You may or may not know today is Human Trafficking Awareness Day.
You also may not know the answer to my blog title.
Yes. There is a direct link between a history of sexual abuse and human trafficking victims.
The one thing shared by 84 percent of survivors is a history of childhood sexual abuse (1).
That is where my internship in counseling at Family Service of Roanoke Valley and my full-time job as Program Coordinator at Street Ransom come together.
Does human trafficking affect our community?
Human trafficking respects no borders or boundaries. There is no link between survivors of trafficking and a specific place, age, race, or economic/social status. (Human trafficking is comprised of both labor and sex, but this post is focused on persons affected by sex trafficking.) There is this myth we tell ourselves that sex trafficking is an international issue, or if it is in our towns and cities, foreigners are responsible for it. Actually, trafficking within American borders by Americans is a major issue.
Street Ransom is associated with Straight Street Roanoke Valley. Street Ransom is committed to bringing the issue of local sex trafficking to the attention of the public and equipping youth with the knowledge to avoid being lured into dangerous relationships.
A history of sexual abuse is one of the factors that could put someone at risk of being lured into one of these dangerous relationships.
At Family Service, children who have experienced sexual abuse have access to age appropriate counseling and case management services–specifically through our partnership with Virginia Department of Social Services and Victims of Crime Act funding. Adult survivors of childhood sexual abuse also receive long-term therapeutic solutions to overcome the trauma they experienced.
When any kind of abuse or trauma goes unaddressed, it creates vulnerabilities. Especially when it comes to sexual abuse. The guilt, shame, and confusion created can be easily exploited by traffickers and those with ill intent. The connection between a history of sexual abuse and sex trafficking becomes more clear when you understand the “grooming” process.
What is grooming?
Grooming is simple, yet effective. A trafficker identifies or creates a need the potential victim has, such as the need to be loved by a father figure, to be accepted, to have stability, to be wanted, to escape reality, to have protection, etc. Then, the trafficker isolates the victim until the trafficker is the only person who can fill the victim’s needs.
The trafficker exploits this dependence, and someone who is already vulnerable because of untreated trauma from past experiences is once again victimized.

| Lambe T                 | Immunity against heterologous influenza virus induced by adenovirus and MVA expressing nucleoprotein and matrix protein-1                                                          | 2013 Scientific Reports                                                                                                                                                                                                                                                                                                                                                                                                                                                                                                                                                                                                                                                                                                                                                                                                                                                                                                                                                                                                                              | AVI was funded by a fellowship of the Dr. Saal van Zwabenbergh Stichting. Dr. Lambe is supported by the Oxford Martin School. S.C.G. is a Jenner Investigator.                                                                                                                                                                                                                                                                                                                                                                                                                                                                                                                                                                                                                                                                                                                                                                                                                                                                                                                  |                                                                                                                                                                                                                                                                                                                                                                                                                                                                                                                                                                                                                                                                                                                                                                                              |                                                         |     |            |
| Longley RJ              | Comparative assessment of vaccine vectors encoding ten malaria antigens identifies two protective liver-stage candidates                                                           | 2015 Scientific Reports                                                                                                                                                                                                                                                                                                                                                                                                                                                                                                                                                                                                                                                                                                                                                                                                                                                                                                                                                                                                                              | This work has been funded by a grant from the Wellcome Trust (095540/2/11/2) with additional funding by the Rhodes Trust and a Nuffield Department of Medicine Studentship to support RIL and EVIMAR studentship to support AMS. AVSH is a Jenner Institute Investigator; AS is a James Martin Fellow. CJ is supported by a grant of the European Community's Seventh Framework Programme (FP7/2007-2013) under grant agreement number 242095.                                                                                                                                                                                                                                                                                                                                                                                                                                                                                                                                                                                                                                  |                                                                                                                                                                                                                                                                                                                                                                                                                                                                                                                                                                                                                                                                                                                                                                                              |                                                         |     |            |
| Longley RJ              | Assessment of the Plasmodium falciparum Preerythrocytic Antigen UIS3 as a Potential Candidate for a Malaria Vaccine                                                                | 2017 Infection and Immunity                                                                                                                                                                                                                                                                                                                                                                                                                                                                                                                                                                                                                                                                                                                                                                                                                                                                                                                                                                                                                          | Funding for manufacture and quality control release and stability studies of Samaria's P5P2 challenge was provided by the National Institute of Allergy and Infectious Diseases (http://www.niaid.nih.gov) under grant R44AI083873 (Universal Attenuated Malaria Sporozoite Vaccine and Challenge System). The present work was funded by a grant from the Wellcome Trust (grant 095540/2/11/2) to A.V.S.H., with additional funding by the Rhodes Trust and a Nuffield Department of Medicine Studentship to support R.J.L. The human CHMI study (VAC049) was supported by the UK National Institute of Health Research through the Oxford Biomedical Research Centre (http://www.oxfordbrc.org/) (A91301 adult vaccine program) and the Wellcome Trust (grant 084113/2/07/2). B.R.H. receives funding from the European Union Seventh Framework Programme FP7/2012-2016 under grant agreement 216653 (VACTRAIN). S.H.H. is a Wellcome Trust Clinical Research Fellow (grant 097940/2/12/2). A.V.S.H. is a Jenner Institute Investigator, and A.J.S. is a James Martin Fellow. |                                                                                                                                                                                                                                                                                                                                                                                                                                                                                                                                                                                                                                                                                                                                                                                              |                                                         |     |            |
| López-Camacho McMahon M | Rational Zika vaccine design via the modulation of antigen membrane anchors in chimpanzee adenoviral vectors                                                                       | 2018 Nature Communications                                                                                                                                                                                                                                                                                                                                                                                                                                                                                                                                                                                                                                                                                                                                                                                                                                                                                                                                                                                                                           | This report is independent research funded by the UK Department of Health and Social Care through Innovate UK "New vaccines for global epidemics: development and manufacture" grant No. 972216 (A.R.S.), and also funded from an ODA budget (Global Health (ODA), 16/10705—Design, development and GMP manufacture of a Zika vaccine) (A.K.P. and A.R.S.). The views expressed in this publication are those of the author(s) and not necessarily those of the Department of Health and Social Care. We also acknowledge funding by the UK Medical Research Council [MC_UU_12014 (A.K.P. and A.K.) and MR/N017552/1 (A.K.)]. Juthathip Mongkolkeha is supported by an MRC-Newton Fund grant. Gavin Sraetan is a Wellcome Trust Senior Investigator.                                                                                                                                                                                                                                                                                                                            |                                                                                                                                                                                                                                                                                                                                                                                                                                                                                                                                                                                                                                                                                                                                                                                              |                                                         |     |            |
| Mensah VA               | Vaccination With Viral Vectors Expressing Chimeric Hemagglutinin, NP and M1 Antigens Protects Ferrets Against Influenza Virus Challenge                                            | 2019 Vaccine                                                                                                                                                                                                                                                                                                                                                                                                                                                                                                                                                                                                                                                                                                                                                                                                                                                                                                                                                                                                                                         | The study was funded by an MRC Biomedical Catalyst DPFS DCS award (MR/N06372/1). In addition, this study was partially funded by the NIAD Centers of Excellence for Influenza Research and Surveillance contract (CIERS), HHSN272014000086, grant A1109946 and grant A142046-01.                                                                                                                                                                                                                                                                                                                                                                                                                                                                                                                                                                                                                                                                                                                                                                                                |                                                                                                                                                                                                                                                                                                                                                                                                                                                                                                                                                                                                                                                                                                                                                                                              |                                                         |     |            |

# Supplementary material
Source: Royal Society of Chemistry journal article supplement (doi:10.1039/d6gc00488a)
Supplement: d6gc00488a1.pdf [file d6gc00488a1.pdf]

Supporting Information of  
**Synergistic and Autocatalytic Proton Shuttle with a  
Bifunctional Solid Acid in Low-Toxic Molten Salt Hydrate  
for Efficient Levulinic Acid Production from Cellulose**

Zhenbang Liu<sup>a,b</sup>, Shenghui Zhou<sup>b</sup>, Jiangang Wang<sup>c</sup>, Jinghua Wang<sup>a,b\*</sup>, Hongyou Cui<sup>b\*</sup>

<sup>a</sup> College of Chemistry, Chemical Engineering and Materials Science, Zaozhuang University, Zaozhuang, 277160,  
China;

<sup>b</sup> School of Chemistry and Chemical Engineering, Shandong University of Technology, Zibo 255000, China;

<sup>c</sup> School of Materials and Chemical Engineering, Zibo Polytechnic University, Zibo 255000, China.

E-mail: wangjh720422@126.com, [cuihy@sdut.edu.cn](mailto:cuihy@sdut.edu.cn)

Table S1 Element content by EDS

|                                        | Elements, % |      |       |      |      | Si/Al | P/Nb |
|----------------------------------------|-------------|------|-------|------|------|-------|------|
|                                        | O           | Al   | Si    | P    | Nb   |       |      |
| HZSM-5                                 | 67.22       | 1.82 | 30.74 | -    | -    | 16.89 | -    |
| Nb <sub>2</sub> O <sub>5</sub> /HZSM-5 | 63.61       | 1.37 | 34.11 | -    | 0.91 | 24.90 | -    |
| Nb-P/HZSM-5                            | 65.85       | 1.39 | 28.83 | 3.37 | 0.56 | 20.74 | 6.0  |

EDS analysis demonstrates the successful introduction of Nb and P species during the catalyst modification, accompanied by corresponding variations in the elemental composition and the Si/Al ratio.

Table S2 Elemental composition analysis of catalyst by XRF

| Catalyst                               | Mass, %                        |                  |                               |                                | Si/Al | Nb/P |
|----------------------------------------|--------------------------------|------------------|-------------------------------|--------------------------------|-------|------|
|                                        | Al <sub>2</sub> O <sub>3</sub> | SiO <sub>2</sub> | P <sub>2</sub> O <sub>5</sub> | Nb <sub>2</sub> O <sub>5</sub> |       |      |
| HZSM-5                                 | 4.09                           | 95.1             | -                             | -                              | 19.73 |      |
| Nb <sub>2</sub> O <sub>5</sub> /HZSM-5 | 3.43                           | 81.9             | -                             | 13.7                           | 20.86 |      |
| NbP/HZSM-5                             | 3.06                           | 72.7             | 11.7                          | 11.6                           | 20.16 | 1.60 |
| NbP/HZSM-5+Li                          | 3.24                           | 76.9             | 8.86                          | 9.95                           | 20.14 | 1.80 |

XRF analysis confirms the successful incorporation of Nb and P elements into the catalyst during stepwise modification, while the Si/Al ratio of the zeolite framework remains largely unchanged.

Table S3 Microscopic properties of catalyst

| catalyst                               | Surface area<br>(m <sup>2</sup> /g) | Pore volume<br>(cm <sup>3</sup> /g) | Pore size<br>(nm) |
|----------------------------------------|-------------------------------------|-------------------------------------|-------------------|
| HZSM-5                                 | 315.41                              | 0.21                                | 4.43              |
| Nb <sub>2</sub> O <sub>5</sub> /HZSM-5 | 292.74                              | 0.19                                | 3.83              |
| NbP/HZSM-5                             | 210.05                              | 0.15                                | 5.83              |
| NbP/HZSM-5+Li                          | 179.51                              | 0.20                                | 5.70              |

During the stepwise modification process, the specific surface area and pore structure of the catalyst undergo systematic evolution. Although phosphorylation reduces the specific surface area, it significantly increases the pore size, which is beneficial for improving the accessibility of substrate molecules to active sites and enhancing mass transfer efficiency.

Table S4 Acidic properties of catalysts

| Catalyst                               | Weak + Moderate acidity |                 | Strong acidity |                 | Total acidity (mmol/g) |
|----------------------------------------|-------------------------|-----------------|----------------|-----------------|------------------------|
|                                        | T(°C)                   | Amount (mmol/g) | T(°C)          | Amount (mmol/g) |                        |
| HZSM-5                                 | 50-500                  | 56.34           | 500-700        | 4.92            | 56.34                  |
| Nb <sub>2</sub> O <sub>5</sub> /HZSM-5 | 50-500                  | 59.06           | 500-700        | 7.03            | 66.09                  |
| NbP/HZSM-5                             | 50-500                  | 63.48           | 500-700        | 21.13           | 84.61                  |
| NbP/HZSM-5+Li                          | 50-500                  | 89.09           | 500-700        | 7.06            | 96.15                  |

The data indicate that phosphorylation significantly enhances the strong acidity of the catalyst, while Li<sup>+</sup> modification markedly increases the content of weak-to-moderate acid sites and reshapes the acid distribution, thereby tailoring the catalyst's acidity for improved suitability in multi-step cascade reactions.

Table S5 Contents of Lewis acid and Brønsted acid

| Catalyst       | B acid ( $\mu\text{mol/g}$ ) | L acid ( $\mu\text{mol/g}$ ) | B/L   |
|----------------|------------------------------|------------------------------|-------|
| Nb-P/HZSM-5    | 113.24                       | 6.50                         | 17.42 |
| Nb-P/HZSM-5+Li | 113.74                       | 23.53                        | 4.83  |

The emotional and psychological vulnerabilities of unaddressed childhood sexual abuse combined with the natural “honeymoon period” (limerence) that occurs when you meet a new person can create a dangerous situation (2). Traffickers have been termed as the “masters of psychology” because they can identify a vulnerability from miles away. Each trafficker has a different recruitment method to deploy in correlation to a vulnerability.
- to exploit the need for love and value, the trafficker may become the victim’s boyfriend/girlfriend.
- to exploit the need to feel accepted and included, the trafficker may become the best friend or roommate.
- to exploit children in the foster care system and a need to feel wanted, the trafficker may become family figure
- to exploit the desire to escape from reality, the trafficker may introduce drugs and create a dependency.
Traffickers have a plan of manipulation to exploit any need they encounter because it is their full-time job and where all their time and attention goes.
What is the answer?
Issues as complex as human trafficking have no easy solution. That is why I am grateful we recognize Human Trafficking Awareness Day to shed light on this devastating issue, and let people know it does in fact affect our community and our neighbors.
There are people in this world waiting to take advantage of others, especially those who are already vulnerable and traumatized. I want you to know that there are also helpers and mental health professionals waiting to share tools and space to process trauma and heal old wounds.
There is hope for those who have been through sexual abuse. If you or someone you know has experienced sexual abuse, it is vital to process the trauma and begin to truly heal by learning how to identify and choose good for yourself. You (and anyone who has experienced sexual abuse) are more resilient than you know. You can face what you’ve been through, and come through stronger, happier and healthier.
I strongly encourage anyone who has encountered sexual abuse to seek counseling through a mental health professional.
To schedule an appointment at Family Service, please call 540-795-4653.
(1) Raphael, J., & Feifer, K. (2017, February). What we know about sex trafficking, prostitution, and sexual exploitation in the U.S. World Without Exploitation.
(2) Tennov, D. (1989). Love and limerence. Chelsea Michigan: Scarborough House.